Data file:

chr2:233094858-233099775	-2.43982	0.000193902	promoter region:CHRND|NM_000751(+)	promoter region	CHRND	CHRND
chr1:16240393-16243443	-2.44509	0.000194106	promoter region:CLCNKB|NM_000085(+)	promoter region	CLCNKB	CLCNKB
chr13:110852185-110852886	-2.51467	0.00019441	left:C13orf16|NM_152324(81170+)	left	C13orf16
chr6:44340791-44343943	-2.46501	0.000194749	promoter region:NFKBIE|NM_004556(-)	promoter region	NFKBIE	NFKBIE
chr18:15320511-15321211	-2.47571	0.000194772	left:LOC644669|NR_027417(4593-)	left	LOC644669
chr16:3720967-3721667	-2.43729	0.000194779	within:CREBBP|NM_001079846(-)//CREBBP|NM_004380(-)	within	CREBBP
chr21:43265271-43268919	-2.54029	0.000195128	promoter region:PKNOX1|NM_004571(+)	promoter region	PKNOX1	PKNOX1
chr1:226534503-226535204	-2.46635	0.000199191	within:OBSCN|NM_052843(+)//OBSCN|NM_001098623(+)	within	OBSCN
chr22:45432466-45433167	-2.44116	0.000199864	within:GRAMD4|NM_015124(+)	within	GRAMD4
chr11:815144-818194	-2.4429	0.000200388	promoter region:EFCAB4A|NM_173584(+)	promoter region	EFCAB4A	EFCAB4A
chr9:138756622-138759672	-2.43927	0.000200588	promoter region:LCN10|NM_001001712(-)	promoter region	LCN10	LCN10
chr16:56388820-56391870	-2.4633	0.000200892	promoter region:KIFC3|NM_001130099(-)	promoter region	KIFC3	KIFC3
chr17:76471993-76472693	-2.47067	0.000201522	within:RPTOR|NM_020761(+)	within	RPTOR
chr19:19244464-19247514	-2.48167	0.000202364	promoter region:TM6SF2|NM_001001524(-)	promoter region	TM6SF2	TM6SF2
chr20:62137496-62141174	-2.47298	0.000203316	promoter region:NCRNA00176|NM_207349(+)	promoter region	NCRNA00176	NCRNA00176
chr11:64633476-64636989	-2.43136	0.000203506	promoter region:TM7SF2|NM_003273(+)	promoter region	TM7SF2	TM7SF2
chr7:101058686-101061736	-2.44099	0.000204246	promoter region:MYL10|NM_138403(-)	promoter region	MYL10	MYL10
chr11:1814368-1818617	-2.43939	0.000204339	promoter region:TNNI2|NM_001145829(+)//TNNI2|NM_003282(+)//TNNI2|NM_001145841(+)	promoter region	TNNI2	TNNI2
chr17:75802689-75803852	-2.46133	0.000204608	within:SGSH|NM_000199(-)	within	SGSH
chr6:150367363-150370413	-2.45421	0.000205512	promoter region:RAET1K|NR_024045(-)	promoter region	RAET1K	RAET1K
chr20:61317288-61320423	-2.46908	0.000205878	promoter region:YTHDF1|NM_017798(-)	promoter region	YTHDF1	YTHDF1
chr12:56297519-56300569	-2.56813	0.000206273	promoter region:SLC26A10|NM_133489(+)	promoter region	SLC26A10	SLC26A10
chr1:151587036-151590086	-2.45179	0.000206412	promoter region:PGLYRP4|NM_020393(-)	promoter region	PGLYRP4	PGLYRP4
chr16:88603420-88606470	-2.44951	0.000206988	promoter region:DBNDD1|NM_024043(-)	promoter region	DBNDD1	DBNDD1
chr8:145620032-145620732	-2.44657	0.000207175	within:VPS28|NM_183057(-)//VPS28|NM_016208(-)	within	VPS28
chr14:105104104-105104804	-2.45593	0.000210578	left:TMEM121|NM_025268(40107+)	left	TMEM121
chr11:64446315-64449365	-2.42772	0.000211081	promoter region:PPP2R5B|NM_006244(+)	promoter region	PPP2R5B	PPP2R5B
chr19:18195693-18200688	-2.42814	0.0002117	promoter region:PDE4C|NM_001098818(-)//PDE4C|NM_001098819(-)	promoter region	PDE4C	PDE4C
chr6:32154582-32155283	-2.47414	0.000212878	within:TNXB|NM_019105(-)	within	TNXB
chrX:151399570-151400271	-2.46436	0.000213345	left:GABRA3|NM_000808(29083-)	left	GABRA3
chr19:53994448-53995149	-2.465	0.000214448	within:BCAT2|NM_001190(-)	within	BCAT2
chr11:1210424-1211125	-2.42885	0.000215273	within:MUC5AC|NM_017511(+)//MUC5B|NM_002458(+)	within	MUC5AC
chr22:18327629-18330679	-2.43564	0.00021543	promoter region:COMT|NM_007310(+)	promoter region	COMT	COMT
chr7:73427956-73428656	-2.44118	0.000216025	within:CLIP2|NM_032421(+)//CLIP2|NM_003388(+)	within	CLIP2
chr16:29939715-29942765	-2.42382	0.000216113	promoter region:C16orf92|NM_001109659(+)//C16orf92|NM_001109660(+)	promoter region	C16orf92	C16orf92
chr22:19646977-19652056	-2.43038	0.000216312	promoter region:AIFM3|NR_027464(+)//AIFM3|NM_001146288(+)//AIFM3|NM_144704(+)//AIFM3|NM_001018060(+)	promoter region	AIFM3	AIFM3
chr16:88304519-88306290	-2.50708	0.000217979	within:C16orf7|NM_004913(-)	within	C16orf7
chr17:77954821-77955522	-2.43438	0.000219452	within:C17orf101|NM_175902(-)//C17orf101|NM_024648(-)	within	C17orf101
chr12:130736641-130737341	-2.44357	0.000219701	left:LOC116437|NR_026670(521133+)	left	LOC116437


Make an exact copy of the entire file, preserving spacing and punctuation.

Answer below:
chr2:233094858-233099775	-2.43982	0.000193902	promoter region:CHRND|NM_000751(+)	promoter region	CHRND	CHRND
chr1:16240393-16243443	-2.44509	0.000194106	promoter region:CLCNKB|NM_000085(+)	promoter region	CLCNKB	CLCNKB
chr13:110852185-110852886	-2.51467	0.00019441	left:C13orf16|NM_152324(81170+)	left	C13orf16
chr6:44340791-44343943	-2.46501	0.000194749	promoter region:NFKBIE|NM_004556(-)	promoter region	NFKBIE	NFKBIE
chr18:15320511-15321211	-2.47571	0.000194772	left:LOC644669|NR_027417(4593-)	left	LOC644669
chr16:3720967-3721667	-2.43729	0.000194779	within:CREBBP|NM_001079846(-)//CREBBP|NM_004380(-)	within	CREBBP
chr21:43265271-43268919	-2.54029	0.000195128	promoter region:PKNOX1|NM_004571(+)	promoter region	PKNOX1	PKNOX1
chr1:226534503-226535204	-2.46635	0.000199191	within:OBSCN|NM_052843(+)//OBSCN|NM_001098623(+)	within	OBSCN
chr22:45432466-45433167	-2.44116	0.000199864	within:GRAMD4|NM_015124(+)	within	GRAMD4
chr11:815144-818194	-2.4429	0.000200388	promoter region:EFCAB4A|NM_173584(+)	promoter region	EFCAB4A	EFCAB4A
chr9:138756622-138759672	-2.43927	0.000200588	promoter region:LCN10|NM_001001712(-)	promoter region	LCN10	LCN10
chr16:56388820-56391870	-2.4633	0.000200892	promoter region:KIFC3|NM_001130099(-)	promoter region	KIFC3	KIFC3
chr17:76471993-76472693	-2.47067	0.000201522	within:RPTOR|NM_020761(+)	within	RPTOR
chr19:19244464-19247514	-2.48167	0.000202364	promoter region:TM6SF2|NM_001001524(-)	promoter region	TM6SF2	TM6SF2
chr20:62137496-62141174	-2.47298	0.000203316	promoter region:NCRNA00176|NM_207349(+)	promoter region	NCRNA00176	NCRNA00176
chr11:64633476-64636989	-2.43136	0.000203506	promoter region:TM7SF2|NM_003273(+)	promoter region	TM7SF2	TM7SF2
chr7:101058686-101061736	-2.44099	0.000204246	promoter region:MYL10|NM_138403(-)	promoter region	MYL10	MYL10
chr11:1814368-1818617	-2.43939	0.000204339	promoter region:TNNI2|NM_001145829(+)//TNNI2|NM_003282(+)//TNNI2|NM_001145841(+)	promoter region	TNNI2	TNNI2
chr17:75802689-75803852	-2.46133	0.000204608	within:SGSH|NM_000199(-)	within	SGSH
chr6:150367363-150370413	-2.45421	0.000205512	promoter region:RAET1K|NR_024045(-)	promoter region	RAET1K	RAET1K
chr20:61317288-61320423	-2.46908	0.000205878	promoter region:YTHDF1|NM_017798(-)	promoter region	YTHDF1	YTHDF1
chr12:56297519-56300569	-2.56813	0.000206273	promoter region:SLC26A10|NM_133489(+)	promoter region	SLC26A10	SLC26A10
chr1:151587036-151590086	-2.45179	0.000206412	promoter region:PGLYRP4|NM_020393(-)	promoter region	PGLYRP4	PGLYRP4
chr16:88603420-88606470	-2.44951	0.000206988	promoter region:DBNDD1|NM_024043(-)	promoter region	DBNDD1	DBNDD1
chr8:145620032-145620732	-2.44657	0.000207175	within:VPS28|NM_183057(-)//VPS28|NM_016208(-)	within	VPS28
chr14:105104104-105104804	-2.45593	0.000210578	left:TMEM121|NM_025268(40107+)	left	TMEM121
chr11:64446315-64449365	-2.42772	0.000211081	promoter region:PPP2R5B|NM_006244(+)	promoter region	PPP2R5B	PPP2R5B
chr19:18195693-18200688	-2.42814	0.0002117	promoter region:PDE4C|NM_001098818(-)//PDE4C|NM_001098819(-)	promoter region	PDE4C	PDE4C
chr6:32154582-32155283	-2.47414	0.000212878	within:TNXB|NM_019105(-)	within	TNXB
chrX:151399570-151400271	-2.46436	0.000213345	left:GABRA3|NM_000808(29083-)	left	GABRA3
chr19:53994448-53995149	-2.465	0.000214448	within:BCAT2|NM_001190(-)	within	BCAT2
chr11:1210424-1211125	-2.42885	0.000215273	within:MUC5AC|NM_017511(+)//MUC5B|NM_002458(+)	within	MUC5AC
chr22:18327629-18330679	-2.43564	0.00021543	promoter region:COMT|NM_007310(+)	promoter region	COMT	COMT
chr7:73427956-73428656	-2.44118	0.000216025	within:CLIP2|NM_032421(+)//CLIP2|NM_003388(+)	within	CLIP2
chr16:29939715-29942765	-2.42382	0.000216113	promoter region:C16orf92|NM_001109659(+)//C16orf92|NM_001109660(+)	promoter region	C16orf92	C16orf92
chr22:19646977-19652056	-2.43038	0.000216312	promoter region:AIFM3|NR_027464(+)//AIFM3|NM_001146288(+)//AIFM3|NM_144704(+)//AIFM3|NM_001018060(+)	promoter region	AIFM3	AIFM3
chr16:88304519-88306290	-2.50708	0.000217979	within:C16orf7|NM_004913(-)	within	C16orf7
chr17:77954821-77955522	-2.43438	0.000219452	within:C17orf101|NM_175902(-)//C17orf101|NM_024648(-)	within	C17orf101
chr12:130736641-130737341	-2.44357	0.000219701	left:LOC116437|NR_026670(521133+)	left	LOC116437